In recent weeks, Syrian government forces have firmly seized the momentum in the country's civil war, capturing one rebel stronghold after another.
There is a shift of momentum now, but not to a degreee that the regime can retake all of Syria .... The Syrian army is becoming more experienced .... They are fighting and the morale is very high .... [The rebels have] no unity of command, there are differences on the political and ideological level as well as the military level. And they don’t have a game changer as far as the weaponry are concerned.
The government's recent gains in the outskirts of the capital Damascus, and also in the north outside the largest city, Aleppo, have reinforced President Bashar al-Assad's position.
Analysts say such battlefield gains would strengthen the government's position in any forthcoming peace talks.
According to Al Jazeera's Rawya Rageh, in the war in Syria the momentum has shifted and the government forces have made significant advances in recent weeks in what appears to be a new strategy to surround the rebels.
After days of fighting, the army pushed opposition forces out of a number of suburbs close to the capital Damascus, effectively eliminating the rebels' ability to strike the regime in its heartland.
Shortly after that, more fighting close to the Lebanese border gave President Assad's troops an advantage in Qalamoun mountains, an area that was in rebel hands for most of the war and on which they depended for smuggling weapons.
The army has also advanced on rebel strongholds in the north, recapturing several towns around Aleppo and regaining access to previously besieged bases and supply routes.
The government's recent strategy has been steadily reversing expansive gains made by the rebels last year; and have exposed just how vulnerable they are.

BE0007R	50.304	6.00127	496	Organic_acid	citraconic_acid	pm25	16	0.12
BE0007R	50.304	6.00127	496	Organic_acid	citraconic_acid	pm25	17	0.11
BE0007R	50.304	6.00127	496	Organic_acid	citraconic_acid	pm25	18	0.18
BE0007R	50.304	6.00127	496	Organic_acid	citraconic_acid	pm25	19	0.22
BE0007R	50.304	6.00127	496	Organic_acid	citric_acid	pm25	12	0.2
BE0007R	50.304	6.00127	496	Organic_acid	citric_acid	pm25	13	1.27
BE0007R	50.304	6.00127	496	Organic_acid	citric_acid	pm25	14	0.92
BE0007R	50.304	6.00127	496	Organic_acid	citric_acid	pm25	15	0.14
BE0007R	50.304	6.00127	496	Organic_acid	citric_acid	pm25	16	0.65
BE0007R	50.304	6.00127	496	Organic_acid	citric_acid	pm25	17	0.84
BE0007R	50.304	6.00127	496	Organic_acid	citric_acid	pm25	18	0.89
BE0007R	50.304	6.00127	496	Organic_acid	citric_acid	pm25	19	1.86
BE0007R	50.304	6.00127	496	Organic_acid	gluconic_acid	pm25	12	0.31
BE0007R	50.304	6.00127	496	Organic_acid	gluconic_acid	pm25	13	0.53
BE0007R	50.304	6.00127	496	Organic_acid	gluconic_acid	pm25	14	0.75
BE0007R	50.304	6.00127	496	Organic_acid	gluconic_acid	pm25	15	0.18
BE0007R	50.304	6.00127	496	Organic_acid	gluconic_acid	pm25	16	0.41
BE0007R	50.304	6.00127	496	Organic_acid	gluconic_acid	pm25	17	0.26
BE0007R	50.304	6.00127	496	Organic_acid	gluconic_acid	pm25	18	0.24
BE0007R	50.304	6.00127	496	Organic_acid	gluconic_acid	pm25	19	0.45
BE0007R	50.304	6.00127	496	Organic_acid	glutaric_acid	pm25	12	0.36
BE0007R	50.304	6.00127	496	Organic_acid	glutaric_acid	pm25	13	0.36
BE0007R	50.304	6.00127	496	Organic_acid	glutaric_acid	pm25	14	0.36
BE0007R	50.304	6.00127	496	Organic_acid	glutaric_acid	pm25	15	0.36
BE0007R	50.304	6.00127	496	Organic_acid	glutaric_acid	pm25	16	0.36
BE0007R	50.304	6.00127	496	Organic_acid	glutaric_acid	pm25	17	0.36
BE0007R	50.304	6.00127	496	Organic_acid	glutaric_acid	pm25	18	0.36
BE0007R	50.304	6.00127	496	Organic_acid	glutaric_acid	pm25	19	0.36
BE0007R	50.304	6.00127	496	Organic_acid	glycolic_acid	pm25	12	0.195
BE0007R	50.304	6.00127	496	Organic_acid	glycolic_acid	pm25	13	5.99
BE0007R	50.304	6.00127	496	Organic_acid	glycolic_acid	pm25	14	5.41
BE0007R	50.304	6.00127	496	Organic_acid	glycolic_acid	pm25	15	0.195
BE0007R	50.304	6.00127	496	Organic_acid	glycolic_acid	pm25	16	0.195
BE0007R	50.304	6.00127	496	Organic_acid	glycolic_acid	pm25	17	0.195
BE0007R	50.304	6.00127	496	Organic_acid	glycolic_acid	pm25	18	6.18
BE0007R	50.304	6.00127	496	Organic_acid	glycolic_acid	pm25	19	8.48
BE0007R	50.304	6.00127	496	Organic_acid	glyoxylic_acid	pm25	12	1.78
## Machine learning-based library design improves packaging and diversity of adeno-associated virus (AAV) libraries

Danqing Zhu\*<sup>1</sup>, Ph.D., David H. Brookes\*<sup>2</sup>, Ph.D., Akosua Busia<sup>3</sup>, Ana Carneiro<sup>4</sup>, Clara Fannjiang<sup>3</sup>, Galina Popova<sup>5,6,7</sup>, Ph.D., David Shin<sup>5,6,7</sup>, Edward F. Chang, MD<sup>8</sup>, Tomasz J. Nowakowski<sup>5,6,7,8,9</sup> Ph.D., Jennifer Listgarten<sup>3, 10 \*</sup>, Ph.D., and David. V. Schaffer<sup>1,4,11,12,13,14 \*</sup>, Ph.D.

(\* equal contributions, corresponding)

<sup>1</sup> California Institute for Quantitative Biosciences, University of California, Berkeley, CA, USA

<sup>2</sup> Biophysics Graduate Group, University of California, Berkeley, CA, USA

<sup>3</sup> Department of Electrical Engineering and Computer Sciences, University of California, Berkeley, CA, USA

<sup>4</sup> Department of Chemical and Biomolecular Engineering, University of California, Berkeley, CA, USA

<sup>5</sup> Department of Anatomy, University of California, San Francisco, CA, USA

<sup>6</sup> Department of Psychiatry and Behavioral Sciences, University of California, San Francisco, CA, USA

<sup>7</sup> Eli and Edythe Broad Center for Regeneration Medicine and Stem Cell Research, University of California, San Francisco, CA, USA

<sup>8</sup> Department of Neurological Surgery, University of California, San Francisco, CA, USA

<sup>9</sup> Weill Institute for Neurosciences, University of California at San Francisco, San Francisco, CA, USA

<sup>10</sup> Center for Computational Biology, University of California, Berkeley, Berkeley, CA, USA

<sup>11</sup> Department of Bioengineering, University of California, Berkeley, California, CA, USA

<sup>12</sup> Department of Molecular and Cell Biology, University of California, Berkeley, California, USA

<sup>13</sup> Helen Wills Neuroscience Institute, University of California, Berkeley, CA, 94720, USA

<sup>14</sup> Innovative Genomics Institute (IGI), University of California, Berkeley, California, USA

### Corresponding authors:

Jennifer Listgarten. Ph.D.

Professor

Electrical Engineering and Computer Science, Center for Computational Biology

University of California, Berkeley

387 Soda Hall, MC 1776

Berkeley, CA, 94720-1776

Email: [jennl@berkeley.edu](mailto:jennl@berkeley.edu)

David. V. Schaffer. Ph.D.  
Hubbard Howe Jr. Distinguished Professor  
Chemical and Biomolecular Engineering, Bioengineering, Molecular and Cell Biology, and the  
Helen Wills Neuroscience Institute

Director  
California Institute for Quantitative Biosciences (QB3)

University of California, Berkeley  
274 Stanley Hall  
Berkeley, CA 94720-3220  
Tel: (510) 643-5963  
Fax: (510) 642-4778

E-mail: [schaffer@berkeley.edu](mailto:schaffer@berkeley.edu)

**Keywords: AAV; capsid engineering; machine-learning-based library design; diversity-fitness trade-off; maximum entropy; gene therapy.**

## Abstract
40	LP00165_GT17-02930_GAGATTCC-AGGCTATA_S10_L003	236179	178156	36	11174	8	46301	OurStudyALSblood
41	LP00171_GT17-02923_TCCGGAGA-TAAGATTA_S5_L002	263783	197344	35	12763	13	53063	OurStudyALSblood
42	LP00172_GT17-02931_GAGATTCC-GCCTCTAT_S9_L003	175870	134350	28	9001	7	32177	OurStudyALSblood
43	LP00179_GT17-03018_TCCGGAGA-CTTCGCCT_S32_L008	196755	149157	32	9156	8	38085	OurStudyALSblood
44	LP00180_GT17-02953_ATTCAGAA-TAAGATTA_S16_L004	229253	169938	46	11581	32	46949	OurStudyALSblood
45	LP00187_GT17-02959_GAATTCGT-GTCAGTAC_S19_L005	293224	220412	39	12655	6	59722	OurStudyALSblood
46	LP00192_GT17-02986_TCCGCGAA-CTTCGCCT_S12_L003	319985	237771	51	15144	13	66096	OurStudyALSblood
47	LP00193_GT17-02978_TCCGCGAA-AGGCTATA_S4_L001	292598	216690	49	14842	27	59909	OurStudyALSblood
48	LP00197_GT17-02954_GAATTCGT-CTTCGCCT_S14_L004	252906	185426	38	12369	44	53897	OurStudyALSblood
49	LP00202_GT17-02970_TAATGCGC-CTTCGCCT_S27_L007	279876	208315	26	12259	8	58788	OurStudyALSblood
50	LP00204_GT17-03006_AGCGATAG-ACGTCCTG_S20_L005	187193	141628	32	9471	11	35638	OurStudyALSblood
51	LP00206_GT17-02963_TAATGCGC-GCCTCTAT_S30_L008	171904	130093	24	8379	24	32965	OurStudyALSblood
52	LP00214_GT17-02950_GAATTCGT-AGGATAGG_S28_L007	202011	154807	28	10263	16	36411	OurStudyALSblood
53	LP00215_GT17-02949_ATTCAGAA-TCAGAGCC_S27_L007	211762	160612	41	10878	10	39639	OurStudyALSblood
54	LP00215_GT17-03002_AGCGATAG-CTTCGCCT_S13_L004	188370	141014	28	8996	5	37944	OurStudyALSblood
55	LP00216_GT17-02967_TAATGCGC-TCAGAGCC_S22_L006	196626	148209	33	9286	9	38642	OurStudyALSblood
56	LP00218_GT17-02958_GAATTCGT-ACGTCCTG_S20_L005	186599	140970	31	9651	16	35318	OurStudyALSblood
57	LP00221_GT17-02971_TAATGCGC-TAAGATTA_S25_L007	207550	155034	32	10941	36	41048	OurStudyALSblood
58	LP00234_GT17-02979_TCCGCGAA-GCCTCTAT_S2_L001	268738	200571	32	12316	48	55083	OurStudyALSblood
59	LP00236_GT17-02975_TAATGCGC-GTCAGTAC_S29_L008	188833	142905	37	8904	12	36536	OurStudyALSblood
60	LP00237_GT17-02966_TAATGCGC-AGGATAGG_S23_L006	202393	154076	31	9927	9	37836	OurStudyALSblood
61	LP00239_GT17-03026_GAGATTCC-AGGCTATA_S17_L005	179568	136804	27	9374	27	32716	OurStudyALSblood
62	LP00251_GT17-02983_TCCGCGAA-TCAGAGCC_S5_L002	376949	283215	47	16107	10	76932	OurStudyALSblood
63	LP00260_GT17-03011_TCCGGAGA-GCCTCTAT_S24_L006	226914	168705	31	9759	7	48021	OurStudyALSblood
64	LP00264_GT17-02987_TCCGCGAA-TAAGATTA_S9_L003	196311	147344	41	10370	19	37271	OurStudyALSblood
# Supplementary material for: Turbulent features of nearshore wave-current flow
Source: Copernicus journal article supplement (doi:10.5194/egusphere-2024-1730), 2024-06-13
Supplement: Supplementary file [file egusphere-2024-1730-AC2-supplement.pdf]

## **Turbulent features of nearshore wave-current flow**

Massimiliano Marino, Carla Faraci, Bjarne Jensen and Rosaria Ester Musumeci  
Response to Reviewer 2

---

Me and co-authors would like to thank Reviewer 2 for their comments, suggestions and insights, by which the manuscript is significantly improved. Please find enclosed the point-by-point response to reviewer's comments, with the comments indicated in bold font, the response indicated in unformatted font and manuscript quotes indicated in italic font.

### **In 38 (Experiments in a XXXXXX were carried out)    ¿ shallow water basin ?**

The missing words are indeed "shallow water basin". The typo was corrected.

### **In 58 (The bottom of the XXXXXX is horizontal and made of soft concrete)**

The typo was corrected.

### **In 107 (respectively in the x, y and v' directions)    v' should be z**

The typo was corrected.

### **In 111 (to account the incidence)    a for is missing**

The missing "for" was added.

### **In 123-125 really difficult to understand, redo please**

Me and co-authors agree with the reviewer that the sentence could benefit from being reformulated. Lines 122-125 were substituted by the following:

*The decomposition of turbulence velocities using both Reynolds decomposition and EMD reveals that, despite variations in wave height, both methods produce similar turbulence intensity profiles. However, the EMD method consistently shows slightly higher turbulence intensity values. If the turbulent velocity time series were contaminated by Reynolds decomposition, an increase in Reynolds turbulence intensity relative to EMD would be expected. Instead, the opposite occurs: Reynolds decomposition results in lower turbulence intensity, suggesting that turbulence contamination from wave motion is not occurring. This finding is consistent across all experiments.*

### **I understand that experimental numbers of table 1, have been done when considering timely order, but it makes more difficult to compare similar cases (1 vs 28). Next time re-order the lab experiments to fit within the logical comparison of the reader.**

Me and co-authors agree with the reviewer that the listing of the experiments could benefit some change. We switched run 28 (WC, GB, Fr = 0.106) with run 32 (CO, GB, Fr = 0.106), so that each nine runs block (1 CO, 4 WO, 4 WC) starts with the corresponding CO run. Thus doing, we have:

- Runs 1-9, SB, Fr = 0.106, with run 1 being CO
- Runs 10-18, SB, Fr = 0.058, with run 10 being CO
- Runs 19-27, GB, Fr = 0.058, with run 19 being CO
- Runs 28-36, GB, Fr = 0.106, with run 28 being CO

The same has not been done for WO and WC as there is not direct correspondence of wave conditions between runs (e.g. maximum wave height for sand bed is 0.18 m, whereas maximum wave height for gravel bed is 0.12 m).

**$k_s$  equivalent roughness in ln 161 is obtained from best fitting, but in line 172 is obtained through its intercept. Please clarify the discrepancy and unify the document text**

I don't think that the momentum has irreversibly shifted .... The [Syrian] regime is not trying to overstretch its resources. What we saw in the last couple of months was the regime trying to consolidate areas that it thought it needed to control to remain in the game if you look forward to a political conversation.
But several factors have contributed to this: The main one is the strong support the army has received from Shia fighters from Lebanon and Iraq.
The disunity among the different rebel factions with growing disagreements between the western-backed Free Syrian Army (FSA) and fighters linked to al-Qaeda being the second key reason.
Many analysts also cite US policy, which has backtracked on striking the regime after a deal was reached with Russia on Syria's chemical weapons.
Gone are the days of debating the possibility of a no-fly zone and aerial support for the rebels. The international community is now focused on how to destroy Assad's stockpile of chemical weapons.
It is a complicated process and no country has so far volunteered to host the neutralisation process for these chemicals.
In the meantime, that is all good news for Assad whose forces continue to regain territory meaning that if and when peace negotiations take place in Geneva, he would be in a position of strength, not weakness.
Last week a prominent rebel group in Syria lost its leader. Abdel Kader Saleh controlled the Tawhid Brigade, one of the FSA's strongest units.
Under his command the group pushed into Aleppo city last year, seizing large sections of the city. He was injured in shelling from government forces and died from shrapnel wounds.
On Friday, a number of major rebel groups in Syria decided to merge into one group. The new front called the Islamic Front will represent rebel forces from across Syria.
So what is the current military situation in the war-torn country? Will the battlefield gains really strengthen the Syrian government's position in any forthcoming peace talks?
Inside Syria presenter David Foster is joined by guests: Khaled Saleh, the head of the Media Office of the opposition Syrian National Coalition; Elias Hanna, a defense analyst and a retired Lebanese General; and Michael Stephens, a researcher at the Royal United Services Institute (RUSI).
"Things are changing on the ground .... we couldn't shoot down a single one [airplane] about a year ago ... We are trimming his [Assad's] air force's power step by step. Unfortunately it's a painful process and very painful price. But this is a reality when you are facing the 13th largest army in the world."
Khaled Saleh, the head of the media office of the Syrian National Coalition